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Childhood Craniopharyngioma Treatment (PDQ®): Treatment - Health Professional Information [NCI] - Late Effects in Patients Treated for Childhood Craniopharyngioma

Quality-of-life issues are important in this group of patients and are difficult to generalize due to various treatment modalities. Whereas intelligence quotient is usually maintained, behavioral issues and memory deficits attributed to the frontal lobe and hypothalamus are common.[1] Patients with hypothalamic involvement showed impairment in memory and executive functioning.[2] Other common problems include visual loss, obesity (which can be life threatening),[3] and the almost universal need for life-long endocrine replacement with multiple pituitary hormones.[4,5,6][Level of evidence: 3iiiC] Vasculopathies and secondary tumors may also result from local irradiation.[7] A recent report indicated that adults on long-term growth hormone replacement secondary to childhood craniopharyngioma involving the hypothalamus were at increased cardiovascular risk.[8]

Refer to the PDQ summary on Late Effects of Treatment for Childhood Cancer for specific information about the incidence, type, and monitoring of late effects in childhood and adolescent cancer survivors.

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References:

  1. Winkfield KM, Tsai HK, Yao X, et al.: Long-term clinical outcomes following treatment of childhood craniopharyngioma. Pediatr Blood Cancer 56 (7): 1120-6, 2011.
  2. Özyurt J, Thiel CM, Lorenzen A, et al.: Neuropsychological outcome in patients with childhood craniopharyngioma and hypothalamic involvement. J Pediatr 164 (4): 876-881.e4, 2014.
  3. Elowe-Gruau E, Beltrand J, Brauner R, et al.: Childhood craniopharyngioma: hypothalamus-sparing surgery decreases the risk of obesity. J Clin Endocrinol Metab 98 (6): 2376-82, 2013.
  4. Vinchon M, Weill J, Delestret I, et al.: Craniopharyngioma and hypothalamic obesity in children. Childs Nerv Syst 25 (3): 347-52, 2009.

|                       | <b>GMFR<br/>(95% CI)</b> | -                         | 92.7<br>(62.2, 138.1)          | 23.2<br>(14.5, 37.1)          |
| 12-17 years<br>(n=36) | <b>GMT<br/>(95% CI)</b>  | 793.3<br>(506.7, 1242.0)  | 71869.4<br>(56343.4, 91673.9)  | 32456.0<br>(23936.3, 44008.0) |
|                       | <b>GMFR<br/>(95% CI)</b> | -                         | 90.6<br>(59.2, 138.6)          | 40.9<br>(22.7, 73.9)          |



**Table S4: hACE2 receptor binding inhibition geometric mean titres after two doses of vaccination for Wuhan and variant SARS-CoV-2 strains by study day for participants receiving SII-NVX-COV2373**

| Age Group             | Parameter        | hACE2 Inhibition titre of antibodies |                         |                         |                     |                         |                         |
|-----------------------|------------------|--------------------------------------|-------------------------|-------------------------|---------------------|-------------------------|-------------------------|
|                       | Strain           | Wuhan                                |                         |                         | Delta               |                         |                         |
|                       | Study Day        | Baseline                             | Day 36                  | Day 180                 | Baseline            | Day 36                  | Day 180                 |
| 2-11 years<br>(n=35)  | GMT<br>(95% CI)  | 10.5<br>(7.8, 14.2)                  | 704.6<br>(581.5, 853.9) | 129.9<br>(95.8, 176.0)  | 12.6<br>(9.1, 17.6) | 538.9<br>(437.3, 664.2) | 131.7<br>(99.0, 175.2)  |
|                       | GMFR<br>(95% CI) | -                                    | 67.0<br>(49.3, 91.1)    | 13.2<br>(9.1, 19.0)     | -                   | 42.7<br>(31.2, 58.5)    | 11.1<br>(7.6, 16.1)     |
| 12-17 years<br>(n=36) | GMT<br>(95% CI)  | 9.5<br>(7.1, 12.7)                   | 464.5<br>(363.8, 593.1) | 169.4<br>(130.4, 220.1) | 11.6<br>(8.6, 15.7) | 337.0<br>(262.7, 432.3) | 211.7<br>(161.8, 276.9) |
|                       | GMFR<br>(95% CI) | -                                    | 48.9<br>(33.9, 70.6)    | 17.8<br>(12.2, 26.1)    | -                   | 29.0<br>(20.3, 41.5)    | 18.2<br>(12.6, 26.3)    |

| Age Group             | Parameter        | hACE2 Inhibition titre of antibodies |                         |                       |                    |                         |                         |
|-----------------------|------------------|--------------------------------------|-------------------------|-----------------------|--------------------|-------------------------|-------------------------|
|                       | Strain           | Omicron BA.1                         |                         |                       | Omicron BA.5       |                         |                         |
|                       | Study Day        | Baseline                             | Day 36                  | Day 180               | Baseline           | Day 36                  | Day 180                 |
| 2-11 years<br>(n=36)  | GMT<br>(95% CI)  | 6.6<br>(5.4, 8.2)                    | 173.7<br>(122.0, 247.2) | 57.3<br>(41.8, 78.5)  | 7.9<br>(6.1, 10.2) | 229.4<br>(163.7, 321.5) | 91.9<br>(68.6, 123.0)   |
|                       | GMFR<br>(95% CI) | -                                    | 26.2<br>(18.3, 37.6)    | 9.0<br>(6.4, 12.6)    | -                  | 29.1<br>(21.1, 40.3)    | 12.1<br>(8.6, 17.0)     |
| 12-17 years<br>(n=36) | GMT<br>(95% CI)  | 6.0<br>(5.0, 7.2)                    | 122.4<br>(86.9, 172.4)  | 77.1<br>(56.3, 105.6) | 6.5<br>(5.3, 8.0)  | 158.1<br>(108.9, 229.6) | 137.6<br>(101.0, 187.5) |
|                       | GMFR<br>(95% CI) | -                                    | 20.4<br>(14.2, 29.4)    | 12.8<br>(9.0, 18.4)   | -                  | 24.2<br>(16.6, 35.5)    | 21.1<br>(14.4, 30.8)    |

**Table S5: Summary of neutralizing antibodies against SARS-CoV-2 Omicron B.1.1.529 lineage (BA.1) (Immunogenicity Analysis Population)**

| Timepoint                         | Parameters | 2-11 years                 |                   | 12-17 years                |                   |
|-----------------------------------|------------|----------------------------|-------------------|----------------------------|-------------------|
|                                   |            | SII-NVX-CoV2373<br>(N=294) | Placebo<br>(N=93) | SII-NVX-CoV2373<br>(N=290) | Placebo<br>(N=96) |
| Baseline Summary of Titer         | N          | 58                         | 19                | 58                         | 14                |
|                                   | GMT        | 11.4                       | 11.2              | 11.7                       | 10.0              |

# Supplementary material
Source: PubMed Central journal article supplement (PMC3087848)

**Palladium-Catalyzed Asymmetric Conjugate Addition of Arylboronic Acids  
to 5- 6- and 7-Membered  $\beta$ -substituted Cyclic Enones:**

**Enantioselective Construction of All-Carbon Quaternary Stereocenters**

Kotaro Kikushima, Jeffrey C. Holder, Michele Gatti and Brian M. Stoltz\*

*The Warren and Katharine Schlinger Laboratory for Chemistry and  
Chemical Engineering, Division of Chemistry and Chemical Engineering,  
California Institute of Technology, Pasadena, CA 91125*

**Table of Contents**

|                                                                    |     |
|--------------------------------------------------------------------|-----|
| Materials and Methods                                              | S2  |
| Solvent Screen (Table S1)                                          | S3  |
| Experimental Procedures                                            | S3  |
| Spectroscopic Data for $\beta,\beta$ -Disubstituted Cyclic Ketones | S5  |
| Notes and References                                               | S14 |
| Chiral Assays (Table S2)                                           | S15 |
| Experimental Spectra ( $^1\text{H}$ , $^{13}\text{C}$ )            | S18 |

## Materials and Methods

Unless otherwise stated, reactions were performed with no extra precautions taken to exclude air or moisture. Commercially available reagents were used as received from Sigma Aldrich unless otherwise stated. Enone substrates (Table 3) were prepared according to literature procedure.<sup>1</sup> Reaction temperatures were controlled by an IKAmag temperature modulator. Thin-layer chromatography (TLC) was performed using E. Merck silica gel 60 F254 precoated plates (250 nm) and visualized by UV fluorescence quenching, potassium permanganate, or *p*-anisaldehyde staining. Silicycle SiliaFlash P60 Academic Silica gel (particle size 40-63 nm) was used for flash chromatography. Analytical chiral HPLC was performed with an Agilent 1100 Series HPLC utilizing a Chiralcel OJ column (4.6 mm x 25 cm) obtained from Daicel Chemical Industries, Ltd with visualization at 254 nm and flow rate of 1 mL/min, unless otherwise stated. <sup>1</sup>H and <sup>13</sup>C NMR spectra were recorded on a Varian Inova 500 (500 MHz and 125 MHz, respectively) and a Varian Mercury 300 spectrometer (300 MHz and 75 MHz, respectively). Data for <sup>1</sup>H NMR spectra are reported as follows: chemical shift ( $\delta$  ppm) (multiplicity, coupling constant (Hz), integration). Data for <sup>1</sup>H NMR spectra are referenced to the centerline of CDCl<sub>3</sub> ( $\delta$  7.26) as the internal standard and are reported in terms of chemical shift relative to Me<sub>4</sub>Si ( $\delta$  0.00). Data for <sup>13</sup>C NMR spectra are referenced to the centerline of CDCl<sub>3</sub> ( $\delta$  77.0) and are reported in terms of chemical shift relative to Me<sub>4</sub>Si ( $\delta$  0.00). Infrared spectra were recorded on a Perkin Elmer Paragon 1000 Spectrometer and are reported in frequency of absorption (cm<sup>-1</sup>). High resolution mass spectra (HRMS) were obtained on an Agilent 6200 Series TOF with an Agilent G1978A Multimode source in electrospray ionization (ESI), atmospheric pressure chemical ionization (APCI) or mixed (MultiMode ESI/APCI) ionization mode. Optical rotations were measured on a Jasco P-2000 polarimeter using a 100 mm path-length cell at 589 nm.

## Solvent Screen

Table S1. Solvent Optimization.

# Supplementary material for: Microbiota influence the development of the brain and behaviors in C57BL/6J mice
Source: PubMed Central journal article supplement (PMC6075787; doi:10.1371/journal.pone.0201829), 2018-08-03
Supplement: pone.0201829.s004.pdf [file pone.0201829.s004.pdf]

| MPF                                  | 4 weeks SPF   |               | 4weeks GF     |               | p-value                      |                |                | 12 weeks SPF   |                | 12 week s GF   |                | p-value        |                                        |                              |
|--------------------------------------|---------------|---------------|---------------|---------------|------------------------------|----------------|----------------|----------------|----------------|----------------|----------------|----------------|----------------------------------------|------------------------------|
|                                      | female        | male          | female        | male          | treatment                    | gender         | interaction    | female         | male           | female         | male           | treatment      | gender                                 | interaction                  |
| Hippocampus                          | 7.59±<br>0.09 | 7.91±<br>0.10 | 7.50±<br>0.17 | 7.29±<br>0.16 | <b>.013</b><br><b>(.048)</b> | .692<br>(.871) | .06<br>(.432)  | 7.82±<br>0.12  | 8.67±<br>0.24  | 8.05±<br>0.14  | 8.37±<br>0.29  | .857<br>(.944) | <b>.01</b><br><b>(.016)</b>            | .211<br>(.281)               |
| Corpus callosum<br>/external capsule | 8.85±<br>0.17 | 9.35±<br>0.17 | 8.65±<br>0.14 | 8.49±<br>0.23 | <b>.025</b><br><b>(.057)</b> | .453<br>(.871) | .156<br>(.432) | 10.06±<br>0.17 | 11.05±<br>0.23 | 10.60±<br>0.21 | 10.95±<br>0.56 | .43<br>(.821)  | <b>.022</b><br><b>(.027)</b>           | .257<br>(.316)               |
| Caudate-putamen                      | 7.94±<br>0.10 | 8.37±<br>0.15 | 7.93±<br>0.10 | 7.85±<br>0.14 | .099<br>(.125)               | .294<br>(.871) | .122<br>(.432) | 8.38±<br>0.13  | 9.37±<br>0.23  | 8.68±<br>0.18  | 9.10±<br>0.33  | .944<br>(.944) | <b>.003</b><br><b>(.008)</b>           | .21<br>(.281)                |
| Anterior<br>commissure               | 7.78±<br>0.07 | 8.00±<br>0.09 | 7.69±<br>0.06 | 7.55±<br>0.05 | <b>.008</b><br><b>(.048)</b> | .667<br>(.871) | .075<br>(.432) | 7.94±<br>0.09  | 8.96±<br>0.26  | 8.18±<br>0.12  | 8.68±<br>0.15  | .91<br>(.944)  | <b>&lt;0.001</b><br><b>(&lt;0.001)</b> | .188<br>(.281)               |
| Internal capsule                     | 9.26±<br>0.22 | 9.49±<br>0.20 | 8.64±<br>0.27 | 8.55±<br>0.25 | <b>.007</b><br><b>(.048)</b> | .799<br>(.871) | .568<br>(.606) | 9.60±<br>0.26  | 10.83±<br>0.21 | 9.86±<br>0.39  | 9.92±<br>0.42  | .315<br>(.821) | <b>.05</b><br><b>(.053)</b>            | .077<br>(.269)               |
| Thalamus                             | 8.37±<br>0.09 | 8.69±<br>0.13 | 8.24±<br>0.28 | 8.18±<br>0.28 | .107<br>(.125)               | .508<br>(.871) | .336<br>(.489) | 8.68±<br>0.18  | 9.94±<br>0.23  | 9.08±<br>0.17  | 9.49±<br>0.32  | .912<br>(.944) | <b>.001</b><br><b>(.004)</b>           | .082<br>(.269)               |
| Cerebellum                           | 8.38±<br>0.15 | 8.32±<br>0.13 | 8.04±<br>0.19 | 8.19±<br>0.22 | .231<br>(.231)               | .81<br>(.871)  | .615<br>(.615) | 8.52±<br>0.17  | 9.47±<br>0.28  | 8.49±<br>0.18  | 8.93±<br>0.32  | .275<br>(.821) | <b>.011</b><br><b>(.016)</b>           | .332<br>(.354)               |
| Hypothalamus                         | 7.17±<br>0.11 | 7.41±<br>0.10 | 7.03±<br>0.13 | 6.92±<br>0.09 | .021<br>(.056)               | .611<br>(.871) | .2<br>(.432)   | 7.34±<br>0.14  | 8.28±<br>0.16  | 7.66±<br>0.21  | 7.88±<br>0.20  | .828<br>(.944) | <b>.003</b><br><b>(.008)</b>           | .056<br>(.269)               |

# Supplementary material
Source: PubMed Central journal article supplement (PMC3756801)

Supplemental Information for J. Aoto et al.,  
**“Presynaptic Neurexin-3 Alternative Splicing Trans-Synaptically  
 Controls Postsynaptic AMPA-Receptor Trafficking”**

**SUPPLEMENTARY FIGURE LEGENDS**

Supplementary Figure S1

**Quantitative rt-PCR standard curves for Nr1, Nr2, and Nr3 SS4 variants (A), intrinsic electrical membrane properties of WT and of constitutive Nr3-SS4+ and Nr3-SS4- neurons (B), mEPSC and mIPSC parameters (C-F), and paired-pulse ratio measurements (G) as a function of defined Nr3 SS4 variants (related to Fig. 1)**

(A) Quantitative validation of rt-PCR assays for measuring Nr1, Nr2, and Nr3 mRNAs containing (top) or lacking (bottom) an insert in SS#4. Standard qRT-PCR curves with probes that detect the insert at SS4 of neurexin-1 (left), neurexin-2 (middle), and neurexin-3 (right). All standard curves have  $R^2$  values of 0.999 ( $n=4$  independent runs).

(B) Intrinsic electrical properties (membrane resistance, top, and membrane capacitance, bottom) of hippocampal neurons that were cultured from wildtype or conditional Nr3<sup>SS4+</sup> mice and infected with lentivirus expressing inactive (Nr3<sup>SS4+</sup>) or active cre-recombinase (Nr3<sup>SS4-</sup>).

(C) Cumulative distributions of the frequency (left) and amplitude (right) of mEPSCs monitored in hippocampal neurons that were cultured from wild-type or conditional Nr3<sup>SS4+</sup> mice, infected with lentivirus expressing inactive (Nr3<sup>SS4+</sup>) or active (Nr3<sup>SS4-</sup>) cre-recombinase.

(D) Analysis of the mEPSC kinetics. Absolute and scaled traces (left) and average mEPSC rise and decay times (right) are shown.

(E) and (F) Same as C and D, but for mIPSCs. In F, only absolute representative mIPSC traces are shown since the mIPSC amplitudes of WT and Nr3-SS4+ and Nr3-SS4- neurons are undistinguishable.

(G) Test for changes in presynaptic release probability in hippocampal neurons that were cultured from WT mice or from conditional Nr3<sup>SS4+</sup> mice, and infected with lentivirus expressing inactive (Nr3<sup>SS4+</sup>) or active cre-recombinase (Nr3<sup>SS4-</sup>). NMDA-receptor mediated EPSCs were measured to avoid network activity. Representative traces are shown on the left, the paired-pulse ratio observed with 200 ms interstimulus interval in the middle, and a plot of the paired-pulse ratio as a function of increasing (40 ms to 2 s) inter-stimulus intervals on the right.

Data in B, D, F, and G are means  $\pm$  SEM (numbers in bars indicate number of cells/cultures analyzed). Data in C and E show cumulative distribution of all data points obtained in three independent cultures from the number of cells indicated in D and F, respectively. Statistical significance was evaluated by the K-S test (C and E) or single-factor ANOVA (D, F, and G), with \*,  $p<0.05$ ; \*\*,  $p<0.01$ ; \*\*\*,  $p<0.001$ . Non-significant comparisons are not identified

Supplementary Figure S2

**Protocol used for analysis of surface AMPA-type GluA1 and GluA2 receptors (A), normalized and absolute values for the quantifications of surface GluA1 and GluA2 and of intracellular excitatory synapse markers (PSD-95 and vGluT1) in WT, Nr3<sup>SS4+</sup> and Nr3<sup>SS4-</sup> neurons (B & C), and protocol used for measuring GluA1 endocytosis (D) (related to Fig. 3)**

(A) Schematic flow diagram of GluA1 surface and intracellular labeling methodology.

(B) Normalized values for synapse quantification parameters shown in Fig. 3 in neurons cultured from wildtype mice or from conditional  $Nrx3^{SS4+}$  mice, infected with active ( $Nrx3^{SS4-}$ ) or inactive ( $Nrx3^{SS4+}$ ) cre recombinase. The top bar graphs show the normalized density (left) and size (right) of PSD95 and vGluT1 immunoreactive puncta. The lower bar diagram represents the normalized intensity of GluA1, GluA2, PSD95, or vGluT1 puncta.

5. Dolson EP, Conklin HM, Li C, et al.: Predicting behavioral problems in craniopharyngioma survivors after conformal radiation therapy. Pediatr Blood Cancer 52 (7): 860-4, 2009.
  6. Kawamata T, Amano K, Aihara Y, et al.: Optimal treatment strategy for craniopharyngiomas based on long-term functional outcomes of recent and past treatment modalities. Neurosurg Rev 33 (1): 71-81, 2010.
  7. Kiehna EN, Merchant TE: Radiation therapy for pediatric craniopharyngioma. Neurosurg Focus 28 (4): E10, 2010.
  8. Holmer H, Ekman B, Björk J, et al.: Hypothalamic involvement predicts cardiovascular risk in adults with childhood onset craniopharyngioma on long-term GH therapy. Eur J Endocrinol 161 (5): 671-9, 2009.

    This information is produced and provided by the National Cancer Institute (NCI). The information in this topic may have changed since it was written. For the most current information, contact the National Cancer Institute via the Internet web site at http:// cancer .gov or call 1-800-4-CANCER.

    WebMD Public Information from the National Cancer Institute

    Last Updated: May 28, 2015
    This information is not intended to replace the advice of a doctor. Healthwise disclaims any liability for the decisions you make based on this information.
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